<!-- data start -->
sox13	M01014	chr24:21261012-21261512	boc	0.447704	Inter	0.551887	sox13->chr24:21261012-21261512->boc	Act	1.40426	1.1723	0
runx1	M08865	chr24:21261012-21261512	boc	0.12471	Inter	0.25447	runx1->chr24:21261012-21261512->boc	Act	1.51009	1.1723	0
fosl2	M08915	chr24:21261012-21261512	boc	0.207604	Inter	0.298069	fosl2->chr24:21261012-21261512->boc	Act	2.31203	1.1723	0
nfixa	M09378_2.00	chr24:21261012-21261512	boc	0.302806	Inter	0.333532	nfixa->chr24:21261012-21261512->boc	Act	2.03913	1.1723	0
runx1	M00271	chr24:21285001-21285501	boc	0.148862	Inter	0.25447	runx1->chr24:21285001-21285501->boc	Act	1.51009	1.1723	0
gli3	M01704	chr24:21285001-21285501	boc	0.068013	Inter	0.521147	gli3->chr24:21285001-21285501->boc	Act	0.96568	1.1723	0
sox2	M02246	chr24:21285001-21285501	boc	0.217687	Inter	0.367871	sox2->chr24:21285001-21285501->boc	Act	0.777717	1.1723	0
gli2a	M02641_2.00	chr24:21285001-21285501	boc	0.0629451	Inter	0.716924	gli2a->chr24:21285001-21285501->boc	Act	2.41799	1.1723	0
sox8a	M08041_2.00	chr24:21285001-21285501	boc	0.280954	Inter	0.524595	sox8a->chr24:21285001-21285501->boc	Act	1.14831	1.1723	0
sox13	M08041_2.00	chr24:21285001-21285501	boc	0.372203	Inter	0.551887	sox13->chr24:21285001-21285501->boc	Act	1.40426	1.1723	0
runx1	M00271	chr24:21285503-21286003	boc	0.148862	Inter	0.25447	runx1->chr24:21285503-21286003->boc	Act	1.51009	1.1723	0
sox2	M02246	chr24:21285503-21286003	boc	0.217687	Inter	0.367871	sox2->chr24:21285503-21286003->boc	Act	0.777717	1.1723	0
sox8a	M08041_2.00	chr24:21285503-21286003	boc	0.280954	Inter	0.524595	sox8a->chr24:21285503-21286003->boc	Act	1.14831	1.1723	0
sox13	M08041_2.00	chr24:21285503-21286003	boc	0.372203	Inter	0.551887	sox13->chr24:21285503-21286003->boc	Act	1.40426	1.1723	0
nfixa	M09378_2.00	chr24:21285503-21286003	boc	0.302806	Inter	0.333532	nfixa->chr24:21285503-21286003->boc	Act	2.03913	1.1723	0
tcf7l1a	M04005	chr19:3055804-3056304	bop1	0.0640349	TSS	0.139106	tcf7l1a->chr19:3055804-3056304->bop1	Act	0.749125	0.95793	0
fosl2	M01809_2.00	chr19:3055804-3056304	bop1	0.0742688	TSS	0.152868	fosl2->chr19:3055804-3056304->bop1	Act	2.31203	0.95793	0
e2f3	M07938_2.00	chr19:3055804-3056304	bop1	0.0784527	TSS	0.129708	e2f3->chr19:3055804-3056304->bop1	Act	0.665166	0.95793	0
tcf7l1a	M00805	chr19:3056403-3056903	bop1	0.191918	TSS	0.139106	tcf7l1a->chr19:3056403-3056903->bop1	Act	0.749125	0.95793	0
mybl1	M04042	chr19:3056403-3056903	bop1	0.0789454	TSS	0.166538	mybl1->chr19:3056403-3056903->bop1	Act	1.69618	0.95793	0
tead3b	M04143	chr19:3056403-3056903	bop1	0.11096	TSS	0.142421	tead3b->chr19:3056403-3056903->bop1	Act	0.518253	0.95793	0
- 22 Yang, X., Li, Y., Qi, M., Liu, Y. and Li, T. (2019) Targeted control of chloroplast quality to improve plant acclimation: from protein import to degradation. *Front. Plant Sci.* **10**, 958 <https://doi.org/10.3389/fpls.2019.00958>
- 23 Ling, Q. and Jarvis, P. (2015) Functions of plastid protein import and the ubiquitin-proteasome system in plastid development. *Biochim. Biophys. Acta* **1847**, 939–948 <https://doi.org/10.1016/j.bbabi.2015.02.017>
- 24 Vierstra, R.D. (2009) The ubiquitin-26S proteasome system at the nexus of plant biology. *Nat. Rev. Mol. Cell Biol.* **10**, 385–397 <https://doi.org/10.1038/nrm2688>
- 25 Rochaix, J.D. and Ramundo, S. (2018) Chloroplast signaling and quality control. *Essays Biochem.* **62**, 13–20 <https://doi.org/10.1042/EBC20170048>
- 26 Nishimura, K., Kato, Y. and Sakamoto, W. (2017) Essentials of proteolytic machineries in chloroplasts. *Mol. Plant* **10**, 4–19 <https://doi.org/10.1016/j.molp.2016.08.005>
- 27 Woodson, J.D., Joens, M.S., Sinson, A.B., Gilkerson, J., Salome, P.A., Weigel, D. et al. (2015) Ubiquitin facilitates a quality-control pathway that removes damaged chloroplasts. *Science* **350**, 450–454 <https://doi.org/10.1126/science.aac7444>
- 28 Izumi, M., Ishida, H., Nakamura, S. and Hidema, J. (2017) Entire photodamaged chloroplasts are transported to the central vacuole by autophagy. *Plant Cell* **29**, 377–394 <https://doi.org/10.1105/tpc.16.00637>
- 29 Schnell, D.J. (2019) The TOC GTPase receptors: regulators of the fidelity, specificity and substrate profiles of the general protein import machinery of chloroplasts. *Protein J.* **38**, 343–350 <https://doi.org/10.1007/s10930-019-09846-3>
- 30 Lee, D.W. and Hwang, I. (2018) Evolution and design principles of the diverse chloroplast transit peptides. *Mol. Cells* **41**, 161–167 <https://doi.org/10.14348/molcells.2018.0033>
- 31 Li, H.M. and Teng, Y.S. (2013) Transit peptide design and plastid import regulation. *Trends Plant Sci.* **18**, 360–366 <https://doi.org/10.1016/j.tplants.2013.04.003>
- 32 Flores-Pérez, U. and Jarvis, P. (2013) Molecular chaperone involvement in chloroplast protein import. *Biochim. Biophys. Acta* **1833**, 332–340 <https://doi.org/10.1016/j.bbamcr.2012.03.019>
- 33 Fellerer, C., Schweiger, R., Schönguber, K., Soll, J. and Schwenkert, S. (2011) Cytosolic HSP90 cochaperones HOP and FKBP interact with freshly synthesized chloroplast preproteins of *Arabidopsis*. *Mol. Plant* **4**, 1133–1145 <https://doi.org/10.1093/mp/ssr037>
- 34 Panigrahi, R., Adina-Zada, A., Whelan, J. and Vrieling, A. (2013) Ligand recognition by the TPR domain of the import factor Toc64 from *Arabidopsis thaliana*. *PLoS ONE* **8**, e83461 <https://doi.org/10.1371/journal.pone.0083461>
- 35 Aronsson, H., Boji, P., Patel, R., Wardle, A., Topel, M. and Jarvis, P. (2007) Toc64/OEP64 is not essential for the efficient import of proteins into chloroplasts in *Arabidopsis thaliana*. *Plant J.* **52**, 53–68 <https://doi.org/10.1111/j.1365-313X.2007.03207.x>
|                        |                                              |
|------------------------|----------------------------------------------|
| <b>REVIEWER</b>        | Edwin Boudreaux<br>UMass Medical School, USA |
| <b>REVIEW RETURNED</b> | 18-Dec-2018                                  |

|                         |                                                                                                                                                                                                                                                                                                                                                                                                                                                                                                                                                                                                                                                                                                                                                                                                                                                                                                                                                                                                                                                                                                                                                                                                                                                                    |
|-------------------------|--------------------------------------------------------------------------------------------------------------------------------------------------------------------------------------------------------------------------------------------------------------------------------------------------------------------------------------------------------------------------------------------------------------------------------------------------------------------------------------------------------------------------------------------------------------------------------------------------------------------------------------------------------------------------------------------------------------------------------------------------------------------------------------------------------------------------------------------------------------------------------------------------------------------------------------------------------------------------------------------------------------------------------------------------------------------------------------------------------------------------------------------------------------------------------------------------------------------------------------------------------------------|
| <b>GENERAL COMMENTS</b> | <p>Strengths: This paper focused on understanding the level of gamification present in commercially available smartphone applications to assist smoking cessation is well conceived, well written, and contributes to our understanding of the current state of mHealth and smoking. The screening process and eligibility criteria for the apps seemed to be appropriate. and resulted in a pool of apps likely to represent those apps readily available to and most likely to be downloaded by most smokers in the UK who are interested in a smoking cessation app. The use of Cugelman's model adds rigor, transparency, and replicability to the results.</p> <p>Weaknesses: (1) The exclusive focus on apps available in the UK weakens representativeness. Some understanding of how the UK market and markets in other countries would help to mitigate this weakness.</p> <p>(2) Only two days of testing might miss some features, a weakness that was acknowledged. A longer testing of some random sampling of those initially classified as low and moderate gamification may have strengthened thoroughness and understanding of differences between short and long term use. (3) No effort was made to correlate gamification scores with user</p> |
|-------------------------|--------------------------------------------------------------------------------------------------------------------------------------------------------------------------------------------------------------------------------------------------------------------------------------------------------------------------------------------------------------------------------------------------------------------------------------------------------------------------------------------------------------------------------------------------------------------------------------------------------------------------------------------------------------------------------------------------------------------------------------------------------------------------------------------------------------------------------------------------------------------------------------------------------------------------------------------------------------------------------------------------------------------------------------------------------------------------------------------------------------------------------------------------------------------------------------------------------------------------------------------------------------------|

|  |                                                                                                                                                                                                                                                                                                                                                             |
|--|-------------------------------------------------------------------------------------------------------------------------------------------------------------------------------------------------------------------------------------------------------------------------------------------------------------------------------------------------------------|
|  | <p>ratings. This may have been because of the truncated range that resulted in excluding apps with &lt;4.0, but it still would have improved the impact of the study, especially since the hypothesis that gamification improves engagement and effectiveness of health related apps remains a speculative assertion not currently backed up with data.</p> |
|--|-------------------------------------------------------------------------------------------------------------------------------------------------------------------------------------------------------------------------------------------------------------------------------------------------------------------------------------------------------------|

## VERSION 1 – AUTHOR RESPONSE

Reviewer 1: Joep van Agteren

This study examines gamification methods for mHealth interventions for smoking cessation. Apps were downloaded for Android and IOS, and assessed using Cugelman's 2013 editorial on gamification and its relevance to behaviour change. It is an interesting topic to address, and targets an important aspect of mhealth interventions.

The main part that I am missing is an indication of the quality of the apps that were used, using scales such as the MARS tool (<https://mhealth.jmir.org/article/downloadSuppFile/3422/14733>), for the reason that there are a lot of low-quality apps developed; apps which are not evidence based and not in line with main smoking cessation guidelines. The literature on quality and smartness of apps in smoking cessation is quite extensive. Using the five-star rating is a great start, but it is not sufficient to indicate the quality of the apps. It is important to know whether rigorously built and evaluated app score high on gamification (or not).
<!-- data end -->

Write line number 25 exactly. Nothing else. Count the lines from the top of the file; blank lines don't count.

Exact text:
- 25 Rochaix, J.D. and Ramundo, S. (2018) Chloroplast signaling and quality control. *Essays Biochem.* **62**, 13–20 <https://doi.org/10.1042/EBC20170048>